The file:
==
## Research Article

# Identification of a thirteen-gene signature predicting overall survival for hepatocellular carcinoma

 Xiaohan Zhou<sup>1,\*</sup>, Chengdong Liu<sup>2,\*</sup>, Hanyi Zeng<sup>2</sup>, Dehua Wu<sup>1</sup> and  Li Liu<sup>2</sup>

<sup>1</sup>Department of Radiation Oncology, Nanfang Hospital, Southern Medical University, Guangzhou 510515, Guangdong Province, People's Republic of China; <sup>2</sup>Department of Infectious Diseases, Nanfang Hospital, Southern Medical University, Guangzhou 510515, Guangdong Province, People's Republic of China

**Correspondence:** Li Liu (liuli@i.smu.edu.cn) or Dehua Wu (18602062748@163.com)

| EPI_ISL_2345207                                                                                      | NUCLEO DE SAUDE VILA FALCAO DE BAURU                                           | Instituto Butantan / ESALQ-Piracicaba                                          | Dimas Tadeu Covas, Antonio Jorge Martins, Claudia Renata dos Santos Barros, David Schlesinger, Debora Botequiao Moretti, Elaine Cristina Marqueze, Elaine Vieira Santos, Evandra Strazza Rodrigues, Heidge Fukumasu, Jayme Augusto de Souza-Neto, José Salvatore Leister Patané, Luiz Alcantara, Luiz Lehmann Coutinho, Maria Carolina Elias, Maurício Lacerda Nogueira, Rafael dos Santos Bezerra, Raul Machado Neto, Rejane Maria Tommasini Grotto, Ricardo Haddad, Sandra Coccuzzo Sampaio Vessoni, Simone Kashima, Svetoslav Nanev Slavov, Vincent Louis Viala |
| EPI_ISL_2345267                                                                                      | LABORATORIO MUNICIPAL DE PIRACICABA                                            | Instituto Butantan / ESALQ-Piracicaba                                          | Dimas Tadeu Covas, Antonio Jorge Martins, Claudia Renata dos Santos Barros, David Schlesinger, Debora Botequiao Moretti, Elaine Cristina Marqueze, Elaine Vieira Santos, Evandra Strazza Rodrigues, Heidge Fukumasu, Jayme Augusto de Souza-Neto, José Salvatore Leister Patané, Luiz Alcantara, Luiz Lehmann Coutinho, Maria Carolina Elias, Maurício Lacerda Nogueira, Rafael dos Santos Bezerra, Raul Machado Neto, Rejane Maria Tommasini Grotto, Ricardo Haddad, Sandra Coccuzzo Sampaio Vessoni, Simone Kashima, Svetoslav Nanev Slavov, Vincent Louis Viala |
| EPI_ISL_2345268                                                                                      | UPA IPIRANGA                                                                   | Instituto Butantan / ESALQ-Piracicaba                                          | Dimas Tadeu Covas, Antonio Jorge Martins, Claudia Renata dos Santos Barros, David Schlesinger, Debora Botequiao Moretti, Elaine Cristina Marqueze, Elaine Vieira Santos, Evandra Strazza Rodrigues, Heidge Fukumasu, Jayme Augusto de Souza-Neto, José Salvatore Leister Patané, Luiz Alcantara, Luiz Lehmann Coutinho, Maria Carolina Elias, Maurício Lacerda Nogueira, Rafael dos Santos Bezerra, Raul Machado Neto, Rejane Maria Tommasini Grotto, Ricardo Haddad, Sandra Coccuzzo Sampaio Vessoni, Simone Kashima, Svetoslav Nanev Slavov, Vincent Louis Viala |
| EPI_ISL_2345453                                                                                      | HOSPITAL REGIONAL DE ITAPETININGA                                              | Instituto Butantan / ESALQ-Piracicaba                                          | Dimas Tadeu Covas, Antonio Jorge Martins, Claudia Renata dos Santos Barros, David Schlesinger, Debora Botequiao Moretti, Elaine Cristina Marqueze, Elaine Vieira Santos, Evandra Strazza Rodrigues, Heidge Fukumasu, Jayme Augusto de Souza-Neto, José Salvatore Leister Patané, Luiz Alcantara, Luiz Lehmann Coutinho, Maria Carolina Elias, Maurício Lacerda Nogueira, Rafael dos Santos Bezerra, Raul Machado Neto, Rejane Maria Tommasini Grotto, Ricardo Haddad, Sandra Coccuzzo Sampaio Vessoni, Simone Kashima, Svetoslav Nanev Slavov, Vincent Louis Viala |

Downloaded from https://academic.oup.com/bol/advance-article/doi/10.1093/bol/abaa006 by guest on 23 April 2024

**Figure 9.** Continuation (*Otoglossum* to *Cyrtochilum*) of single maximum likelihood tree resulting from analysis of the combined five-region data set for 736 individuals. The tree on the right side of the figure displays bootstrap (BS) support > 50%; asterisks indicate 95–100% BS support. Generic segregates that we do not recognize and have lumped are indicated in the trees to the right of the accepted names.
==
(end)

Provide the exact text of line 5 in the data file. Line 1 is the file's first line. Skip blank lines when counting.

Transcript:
**Correspondence:** Li Liu (liuli@i.smu.edu.cn) or Dehua Wu (18602062748@163.com)